The Transformer-based one-stream tracking method first splits and flattens the target template and search frame into sequences of patches. These patches of features are embedded with learnable position embedding and fed into a Transformer backbone network, which allows feature extraction and feature fusion at the same time. The feature fusion operation continues throughout the backbone network, resulting in a network that outputs the target-specified search features. Compared with two-stream networks, one-stream networks are simple in structure and do not require prior knowledge about the task. This task-independent network facilitates the construction of general-purpose neural network architectures for multiple tasks. Meanwhile, the pre-training technique further improves the performance of the one-stream method. Experimental results demonstrate that the pre-trained model based on masked image modeling optimizes the method.
One-stream tracking method with a simple structure and powerful learning and modeling capability is the trend of future target tracking method research. Meanwhile, collaborative multi-task tracking, multi-modal tracking, scenario-specific target tracking, unsupervised target tracking methods, etc. have strong applications and demands.
In recent years, advancements in computing software and hardware have led to artificial intelligent (AI) models achieving performance levels approaching or surpassing human capabilities in perceptive tasks. However, in order to develop mature AI systems that can comprehensively understand the world, models must be capable of generating visual concepts, rather than simply recognizing them because creation and customization require a thorough understanding of high-level semantics and full details of each generated object.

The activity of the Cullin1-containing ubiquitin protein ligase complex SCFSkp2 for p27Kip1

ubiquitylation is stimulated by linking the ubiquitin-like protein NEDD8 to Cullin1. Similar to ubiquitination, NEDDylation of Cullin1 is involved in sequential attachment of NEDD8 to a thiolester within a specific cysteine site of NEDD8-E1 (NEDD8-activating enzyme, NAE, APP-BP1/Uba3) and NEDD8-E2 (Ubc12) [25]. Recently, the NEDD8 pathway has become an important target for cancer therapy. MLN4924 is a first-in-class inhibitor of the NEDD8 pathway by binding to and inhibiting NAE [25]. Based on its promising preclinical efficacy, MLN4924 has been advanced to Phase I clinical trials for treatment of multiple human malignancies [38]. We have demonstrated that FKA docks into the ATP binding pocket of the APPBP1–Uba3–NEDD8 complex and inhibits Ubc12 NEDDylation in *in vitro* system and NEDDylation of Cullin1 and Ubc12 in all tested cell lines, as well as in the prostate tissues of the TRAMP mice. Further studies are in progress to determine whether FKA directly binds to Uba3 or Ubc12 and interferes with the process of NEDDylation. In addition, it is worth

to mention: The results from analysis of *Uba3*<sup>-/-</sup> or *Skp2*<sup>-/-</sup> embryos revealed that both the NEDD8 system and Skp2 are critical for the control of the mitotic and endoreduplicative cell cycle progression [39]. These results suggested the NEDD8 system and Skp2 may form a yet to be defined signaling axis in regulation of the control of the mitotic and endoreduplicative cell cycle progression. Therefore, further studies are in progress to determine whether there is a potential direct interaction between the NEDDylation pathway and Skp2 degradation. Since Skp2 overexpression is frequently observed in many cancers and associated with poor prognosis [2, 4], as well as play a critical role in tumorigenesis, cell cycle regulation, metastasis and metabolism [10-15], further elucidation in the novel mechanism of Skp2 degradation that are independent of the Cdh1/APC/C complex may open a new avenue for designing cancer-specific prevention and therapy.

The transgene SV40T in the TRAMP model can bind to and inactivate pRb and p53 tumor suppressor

From an applied perspective, when AI models obtain the capability of visual understanding and generation, they will significantly promote progress and development across diverse aspects of the industry. For example, visual generative models can be applied to the following aspects: colorizing and restoring old black and white photos and films; enhancing and remastering old videos in high definition; synthesizing real-time virtual anchors, talking faces, and AI avatars; incorporating special effects into personalized video shooting on short video platforms; stylizing users' portraits and input images; compositing movie special effects and scene rendering, and so on. Therefore, research on the theories and methods of image and video generation models holds significant theoretical significance and industrial application value.